CBC's battle of the books - Canada Reads 2015 - is taking place from March 16-19th. Canada Reads involves five prominent Canadians debating which book all of Canada should read.
Each year the theme for the event relates closely to our work at Facing History and this year’s theme, One Book to Break Barriers, is no exception. The panel must decide the one book out of the five chosen that best "challenges stereotypes and changes perspectives." The debate over which book to pick takes place over four days beginning March 16, and is live streamed on CBC.ca at 10am EST and broadcast on radio and television each day.
As a staff and board, Facing History Canada will gather on March 19th to watch and discuss the final episode of Canada Reads, when the panelists decide which of the five contenders is the “One Book to Break Barriers.” Each of us has chosen at least one of the five books to read and defend. We aim to learn from each other by discussing our opinions of the books and drawing connections to Facing History themes such as identity, “othering,” membership, and participation.
This year, the books being debated, and their respective champions are:
And the Birds Rained Down by Jocelyne Saucier, championed by singer Martha Wainwright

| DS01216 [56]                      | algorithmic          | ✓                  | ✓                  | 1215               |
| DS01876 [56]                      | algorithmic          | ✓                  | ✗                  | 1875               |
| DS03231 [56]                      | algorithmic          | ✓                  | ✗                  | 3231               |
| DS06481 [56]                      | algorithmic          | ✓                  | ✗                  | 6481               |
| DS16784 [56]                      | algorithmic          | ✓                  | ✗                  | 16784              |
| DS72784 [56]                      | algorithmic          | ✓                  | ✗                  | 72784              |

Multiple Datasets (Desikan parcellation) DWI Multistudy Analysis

Intolerable: A Memoir of Extremes by Kamal Al-Solaylee, championed by actress Kristin Kreuk
Ru by Kim Thúy, championed by Cameron Bailey, Artistic Director of the Toronto International Film Festival
The Inconvenient Indian by Thomas King, championed by activist and social entrepreneur Craig Keilburger
When Everything Feels like the Movies by Raziel Reid, championed by television host Elaine "Lainey" Lui
The host facilitating the debate is Canadian journalist and musician Wab Kinew.
Literature is so much a part of discovering and uncovering our identity as individuals, and collectively as a nation. The collection of books Canada Reads has assembled covers a diverse range of topics that broadly expose many different aspects of the lives of Canadians: migration, gender and sexuality, religion, victimization, colonization, multiculturalism, the list could go on. The stories represent our history and who we are today.
Debating the narrative and characters of these selected books provides a space for Canadians to discuss the controversial issues that are shaping our country’s collective identity. These books ignite uncomfortable conversations that may not surface without literature first acting as a catalyst. Reading stories enables us to empathize at a profound level and, as a result, encourages tolerance, compassion, and changing perspectives - qualities that we hope to bring out in each other and young people across Canada.
FIND strategies for raising controversial conversations into your classroom.
RAISE QUESTIONS about what multiculturalism and belonging mean through stories that spark our thinking.
COMMENT: What books and resources do you use in your classroom to challenge stereotypes and change perspectives? Share by commenting below!